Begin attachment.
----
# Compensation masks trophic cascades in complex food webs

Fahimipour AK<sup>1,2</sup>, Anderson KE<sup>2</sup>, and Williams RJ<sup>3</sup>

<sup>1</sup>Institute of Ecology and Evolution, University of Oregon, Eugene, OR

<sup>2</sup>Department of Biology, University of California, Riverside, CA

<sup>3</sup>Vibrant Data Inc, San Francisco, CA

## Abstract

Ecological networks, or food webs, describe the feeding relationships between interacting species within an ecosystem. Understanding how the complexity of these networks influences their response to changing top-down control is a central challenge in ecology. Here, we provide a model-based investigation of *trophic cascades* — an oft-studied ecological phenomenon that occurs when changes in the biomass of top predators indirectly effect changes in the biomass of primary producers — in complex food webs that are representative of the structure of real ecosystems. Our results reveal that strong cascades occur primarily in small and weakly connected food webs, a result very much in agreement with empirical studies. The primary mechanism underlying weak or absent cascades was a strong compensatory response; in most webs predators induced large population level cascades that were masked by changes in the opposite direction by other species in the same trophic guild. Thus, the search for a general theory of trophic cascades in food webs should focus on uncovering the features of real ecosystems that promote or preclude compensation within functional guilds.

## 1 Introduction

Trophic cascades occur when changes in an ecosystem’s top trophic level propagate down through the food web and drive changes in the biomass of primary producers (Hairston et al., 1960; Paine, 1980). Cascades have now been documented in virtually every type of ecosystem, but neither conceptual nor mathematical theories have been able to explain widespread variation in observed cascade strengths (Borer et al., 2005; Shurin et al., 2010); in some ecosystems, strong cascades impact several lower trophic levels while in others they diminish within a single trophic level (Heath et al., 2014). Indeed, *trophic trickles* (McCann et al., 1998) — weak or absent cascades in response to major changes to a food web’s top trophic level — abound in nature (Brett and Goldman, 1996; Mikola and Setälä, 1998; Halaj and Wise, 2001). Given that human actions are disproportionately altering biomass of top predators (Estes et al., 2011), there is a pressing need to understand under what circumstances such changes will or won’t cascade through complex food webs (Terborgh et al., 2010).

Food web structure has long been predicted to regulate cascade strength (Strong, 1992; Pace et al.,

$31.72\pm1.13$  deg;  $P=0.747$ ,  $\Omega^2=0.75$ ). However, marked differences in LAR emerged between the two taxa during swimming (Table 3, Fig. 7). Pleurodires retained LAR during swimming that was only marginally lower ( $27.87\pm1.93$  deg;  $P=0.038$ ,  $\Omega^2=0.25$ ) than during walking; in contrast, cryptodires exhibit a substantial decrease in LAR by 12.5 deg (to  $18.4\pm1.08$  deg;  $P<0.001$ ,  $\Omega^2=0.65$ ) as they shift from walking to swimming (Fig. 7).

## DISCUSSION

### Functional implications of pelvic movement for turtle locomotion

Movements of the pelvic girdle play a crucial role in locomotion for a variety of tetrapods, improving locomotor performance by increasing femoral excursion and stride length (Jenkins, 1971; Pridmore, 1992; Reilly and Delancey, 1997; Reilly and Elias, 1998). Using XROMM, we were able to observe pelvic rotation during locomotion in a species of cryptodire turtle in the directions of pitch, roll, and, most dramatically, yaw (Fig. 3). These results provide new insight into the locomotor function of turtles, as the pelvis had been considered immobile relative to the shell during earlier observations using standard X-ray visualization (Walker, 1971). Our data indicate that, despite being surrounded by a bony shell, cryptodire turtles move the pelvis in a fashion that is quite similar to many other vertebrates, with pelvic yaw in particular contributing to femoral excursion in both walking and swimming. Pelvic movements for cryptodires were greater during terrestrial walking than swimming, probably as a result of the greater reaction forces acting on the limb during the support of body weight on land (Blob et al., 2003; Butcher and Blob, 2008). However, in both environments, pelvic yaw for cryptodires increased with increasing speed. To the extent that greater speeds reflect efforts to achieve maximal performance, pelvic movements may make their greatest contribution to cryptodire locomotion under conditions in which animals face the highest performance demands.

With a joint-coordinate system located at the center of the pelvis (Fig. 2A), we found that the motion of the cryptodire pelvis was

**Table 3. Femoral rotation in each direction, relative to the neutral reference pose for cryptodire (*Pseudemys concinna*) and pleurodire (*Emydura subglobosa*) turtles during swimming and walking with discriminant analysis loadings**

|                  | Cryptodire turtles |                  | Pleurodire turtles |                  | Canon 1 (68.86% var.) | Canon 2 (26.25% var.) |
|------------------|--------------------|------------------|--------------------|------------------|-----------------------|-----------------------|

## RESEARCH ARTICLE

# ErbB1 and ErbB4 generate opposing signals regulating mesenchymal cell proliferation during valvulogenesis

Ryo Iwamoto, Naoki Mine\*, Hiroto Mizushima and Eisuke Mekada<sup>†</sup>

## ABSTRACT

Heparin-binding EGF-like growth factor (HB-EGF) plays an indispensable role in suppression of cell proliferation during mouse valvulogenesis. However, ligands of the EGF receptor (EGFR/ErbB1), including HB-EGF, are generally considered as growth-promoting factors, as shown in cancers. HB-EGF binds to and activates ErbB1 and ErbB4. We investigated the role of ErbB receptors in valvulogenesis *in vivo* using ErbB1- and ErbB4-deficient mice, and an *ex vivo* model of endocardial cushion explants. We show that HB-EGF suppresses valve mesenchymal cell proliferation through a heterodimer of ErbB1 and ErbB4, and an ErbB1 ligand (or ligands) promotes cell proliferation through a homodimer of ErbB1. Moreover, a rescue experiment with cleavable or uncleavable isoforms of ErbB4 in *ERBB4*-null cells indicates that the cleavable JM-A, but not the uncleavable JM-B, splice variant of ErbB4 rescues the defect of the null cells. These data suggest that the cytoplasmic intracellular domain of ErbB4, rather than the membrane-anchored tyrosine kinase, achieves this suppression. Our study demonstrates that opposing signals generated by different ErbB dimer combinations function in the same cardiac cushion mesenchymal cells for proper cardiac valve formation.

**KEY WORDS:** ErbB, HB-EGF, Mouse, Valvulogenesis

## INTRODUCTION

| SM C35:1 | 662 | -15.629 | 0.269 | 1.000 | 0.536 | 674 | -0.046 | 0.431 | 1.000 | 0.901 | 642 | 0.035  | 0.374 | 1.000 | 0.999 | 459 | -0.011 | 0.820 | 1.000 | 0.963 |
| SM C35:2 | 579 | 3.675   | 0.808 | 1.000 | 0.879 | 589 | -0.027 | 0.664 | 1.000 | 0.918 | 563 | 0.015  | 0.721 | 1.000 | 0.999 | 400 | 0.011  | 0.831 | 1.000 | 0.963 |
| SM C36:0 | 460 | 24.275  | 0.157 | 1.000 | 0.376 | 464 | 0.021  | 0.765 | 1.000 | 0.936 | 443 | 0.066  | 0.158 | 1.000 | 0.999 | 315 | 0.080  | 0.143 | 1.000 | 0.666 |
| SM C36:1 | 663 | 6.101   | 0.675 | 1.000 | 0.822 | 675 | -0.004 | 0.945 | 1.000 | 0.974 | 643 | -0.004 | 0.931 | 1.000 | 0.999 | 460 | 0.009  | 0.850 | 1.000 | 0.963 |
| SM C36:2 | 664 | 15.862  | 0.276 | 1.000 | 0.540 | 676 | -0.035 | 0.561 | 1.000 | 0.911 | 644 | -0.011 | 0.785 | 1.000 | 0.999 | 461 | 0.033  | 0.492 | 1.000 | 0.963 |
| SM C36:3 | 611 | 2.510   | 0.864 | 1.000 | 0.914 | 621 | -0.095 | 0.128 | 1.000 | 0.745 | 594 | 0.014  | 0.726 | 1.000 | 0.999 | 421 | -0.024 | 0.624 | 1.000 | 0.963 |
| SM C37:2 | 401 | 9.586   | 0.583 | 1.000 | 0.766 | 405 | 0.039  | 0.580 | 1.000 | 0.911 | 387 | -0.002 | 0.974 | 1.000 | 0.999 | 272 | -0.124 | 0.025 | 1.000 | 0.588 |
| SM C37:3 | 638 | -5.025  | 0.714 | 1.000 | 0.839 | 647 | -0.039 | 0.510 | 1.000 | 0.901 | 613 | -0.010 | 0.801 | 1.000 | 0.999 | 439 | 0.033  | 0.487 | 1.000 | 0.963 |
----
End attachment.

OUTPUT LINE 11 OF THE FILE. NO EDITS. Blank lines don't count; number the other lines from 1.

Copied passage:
$31.72\pm1.13$  deg;  $P=0.747$ ,  $\Omega^2=0.75$ ). However, marked differences in LAR emerged between the two taxa during swimming (Table 3, Fig. 7). Pleurodires retained LAR during swimming that was only marginally lower ( $27.87\pm1.93$  deg;  $P=0.038$ ,  $\Omega^2=0.25$ ) than during walking; in contrast, cryptodires exhibit a substantial decrease in LAR by 12.5 deg (to  $18.4\pm1.08$  deg;  $P<0.001$ ,  $\Omega^2=0.65$ ) as they shift from walking to swimming (Fig. 7).